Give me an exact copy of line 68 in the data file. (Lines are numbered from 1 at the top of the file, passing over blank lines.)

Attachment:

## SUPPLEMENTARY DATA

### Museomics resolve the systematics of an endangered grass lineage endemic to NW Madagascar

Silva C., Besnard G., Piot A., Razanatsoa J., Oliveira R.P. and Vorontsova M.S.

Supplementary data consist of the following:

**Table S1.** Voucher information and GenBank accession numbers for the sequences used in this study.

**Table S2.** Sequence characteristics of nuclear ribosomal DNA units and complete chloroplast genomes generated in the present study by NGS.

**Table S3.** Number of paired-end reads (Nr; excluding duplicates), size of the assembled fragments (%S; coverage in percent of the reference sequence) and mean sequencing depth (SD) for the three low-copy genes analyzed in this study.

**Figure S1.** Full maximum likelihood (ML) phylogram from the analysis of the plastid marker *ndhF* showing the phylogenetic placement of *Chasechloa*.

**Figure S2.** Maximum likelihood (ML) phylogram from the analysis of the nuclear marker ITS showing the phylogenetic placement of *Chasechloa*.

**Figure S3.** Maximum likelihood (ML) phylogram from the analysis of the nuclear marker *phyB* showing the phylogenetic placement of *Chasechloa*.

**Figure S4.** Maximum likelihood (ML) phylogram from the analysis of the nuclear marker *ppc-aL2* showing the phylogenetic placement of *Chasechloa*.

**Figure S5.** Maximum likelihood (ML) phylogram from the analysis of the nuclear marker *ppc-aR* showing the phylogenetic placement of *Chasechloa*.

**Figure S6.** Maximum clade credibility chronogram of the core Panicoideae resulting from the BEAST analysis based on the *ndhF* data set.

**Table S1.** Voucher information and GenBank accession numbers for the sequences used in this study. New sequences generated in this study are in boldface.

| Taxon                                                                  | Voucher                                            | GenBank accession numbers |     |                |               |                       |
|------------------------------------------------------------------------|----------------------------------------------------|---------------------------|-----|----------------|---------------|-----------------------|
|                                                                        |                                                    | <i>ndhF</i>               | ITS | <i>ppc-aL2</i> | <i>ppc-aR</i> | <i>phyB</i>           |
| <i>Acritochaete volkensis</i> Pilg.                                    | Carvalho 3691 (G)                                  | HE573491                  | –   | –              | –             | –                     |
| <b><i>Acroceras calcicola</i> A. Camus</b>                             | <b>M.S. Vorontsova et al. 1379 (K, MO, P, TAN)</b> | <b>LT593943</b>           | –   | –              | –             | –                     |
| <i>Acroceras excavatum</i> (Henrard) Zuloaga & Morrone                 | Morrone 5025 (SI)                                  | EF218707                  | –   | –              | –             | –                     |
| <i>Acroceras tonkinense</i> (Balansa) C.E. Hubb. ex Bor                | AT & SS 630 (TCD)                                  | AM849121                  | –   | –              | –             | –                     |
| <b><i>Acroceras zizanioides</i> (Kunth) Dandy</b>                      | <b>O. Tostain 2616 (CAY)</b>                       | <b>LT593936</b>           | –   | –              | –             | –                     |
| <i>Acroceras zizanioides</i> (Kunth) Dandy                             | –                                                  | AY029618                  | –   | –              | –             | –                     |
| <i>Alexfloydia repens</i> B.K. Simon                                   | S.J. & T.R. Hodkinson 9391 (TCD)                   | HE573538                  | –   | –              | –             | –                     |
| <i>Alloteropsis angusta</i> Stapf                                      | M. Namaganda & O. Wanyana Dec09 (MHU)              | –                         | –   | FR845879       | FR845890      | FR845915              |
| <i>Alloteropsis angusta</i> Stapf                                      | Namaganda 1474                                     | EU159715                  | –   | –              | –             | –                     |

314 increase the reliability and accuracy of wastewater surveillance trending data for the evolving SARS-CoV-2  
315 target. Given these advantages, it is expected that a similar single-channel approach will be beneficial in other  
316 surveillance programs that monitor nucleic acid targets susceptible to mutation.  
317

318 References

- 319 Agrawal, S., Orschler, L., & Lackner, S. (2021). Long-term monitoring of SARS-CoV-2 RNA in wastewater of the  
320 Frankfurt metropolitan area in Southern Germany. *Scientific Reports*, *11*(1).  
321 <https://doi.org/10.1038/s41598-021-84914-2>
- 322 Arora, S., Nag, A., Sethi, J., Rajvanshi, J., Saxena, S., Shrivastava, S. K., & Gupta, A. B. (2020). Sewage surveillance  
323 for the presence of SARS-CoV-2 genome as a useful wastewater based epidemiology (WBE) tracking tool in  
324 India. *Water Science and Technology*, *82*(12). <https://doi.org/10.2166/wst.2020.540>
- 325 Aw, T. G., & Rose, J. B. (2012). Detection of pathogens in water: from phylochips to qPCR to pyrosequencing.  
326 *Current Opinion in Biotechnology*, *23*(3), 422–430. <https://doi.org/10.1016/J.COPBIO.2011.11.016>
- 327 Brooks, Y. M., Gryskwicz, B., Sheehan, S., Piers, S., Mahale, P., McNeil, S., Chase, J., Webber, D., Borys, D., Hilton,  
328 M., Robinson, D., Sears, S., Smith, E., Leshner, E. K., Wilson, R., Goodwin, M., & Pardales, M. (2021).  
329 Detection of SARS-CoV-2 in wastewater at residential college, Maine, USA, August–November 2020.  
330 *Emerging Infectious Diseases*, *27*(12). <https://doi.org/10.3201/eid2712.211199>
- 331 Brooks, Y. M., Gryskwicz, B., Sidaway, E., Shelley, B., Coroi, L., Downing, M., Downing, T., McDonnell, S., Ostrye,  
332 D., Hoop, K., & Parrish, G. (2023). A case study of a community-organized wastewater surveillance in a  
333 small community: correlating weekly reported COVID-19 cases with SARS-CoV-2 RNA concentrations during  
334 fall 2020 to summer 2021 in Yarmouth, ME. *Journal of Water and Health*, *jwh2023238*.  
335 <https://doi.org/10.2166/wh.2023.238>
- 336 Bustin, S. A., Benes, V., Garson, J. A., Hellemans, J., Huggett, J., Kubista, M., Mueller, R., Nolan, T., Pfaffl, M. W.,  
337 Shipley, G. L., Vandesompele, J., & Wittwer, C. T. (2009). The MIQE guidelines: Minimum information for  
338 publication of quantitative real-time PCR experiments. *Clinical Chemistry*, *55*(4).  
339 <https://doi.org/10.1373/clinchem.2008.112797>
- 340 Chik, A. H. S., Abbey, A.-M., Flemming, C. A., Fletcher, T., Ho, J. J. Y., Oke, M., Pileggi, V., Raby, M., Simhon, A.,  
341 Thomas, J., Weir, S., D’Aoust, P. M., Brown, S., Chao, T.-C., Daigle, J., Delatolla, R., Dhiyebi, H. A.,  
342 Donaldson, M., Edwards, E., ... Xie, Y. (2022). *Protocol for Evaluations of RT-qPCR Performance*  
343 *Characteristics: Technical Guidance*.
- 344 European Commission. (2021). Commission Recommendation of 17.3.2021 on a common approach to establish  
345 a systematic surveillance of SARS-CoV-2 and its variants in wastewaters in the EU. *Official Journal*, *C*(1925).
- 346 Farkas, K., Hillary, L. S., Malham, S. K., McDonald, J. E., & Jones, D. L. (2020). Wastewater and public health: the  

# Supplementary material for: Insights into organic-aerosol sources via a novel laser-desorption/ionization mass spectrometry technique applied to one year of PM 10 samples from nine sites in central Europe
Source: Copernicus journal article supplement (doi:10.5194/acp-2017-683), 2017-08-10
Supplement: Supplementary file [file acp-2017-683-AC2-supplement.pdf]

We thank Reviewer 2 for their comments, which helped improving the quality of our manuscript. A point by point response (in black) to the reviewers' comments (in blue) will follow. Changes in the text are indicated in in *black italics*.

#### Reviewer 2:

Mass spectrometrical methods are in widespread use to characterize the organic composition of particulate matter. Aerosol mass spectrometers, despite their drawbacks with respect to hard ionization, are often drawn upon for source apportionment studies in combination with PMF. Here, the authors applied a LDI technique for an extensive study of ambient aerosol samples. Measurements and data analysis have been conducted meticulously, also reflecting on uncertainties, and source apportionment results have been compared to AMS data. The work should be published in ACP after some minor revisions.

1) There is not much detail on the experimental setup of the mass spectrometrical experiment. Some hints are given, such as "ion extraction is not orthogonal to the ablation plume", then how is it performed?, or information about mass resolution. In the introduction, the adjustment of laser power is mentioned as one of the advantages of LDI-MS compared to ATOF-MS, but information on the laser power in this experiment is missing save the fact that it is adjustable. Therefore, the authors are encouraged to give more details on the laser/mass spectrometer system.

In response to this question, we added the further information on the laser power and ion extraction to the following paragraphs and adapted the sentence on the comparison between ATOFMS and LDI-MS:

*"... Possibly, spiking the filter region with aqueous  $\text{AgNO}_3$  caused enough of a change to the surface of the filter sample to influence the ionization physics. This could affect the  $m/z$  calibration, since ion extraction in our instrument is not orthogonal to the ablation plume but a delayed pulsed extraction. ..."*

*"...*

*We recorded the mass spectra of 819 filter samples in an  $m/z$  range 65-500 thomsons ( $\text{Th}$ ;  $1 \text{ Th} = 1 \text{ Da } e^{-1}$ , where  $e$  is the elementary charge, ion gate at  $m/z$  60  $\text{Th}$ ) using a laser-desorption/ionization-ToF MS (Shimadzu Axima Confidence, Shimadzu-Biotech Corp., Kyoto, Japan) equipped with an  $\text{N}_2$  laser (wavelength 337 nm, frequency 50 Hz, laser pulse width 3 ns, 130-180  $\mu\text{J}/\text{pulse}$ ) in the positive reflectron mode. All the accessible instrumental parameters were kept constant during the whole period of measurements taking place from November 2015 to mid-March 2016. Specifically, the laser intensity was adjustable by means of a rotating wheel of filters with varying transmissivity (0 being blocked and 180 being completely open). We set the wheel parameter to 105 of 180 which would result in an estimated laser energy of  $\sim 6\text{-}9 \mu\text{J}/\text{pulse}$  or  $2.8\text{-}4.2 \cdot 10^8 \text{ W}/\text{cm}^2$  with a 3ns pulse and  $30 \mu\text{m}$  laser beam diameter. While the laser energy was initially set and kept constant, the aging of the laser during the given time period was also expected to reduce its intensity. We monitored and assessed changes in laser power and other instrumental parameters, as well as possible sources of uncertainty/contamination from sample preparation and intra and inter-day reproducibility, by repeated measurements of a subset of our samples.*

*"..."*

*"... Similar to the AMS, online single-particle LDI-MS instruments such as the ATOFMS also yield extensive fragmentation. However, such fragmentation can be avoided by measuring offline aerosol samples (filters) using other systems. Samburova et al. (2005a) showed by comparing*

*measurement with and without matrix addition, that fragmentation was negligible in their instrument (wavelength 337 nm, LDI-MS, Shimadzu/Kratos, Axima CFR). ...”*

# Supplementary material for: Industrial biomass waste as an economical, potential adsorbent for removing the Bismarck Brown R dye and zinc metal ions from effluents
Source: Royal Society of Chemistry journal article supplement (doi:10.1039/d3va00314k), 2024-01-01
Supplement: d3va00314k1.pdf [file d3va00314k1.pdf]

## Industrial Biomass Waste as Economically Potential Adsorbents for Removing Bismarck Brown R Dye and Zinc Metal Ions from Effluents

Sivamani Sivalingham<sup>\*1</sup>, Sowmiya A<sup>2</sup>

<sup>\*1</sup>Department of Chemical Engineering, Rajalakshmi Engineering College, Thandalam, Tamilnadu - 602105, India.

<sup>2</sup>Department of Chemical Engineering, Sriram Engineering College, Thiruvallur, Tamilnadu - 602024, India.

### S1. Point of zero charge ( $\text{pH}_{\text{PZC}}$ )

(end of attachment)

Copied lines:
*"... Possibly, spiking the filter region with aqueous  $\text{AgNO}_3$  caused enough of a change to the surface of the filter sample to influence the ionization physics. This could affect the  $m/z$  calibration, since ion extraction in our instrument is not orthogonal to the ablation plume but a delayed pulsed extraction. ..."*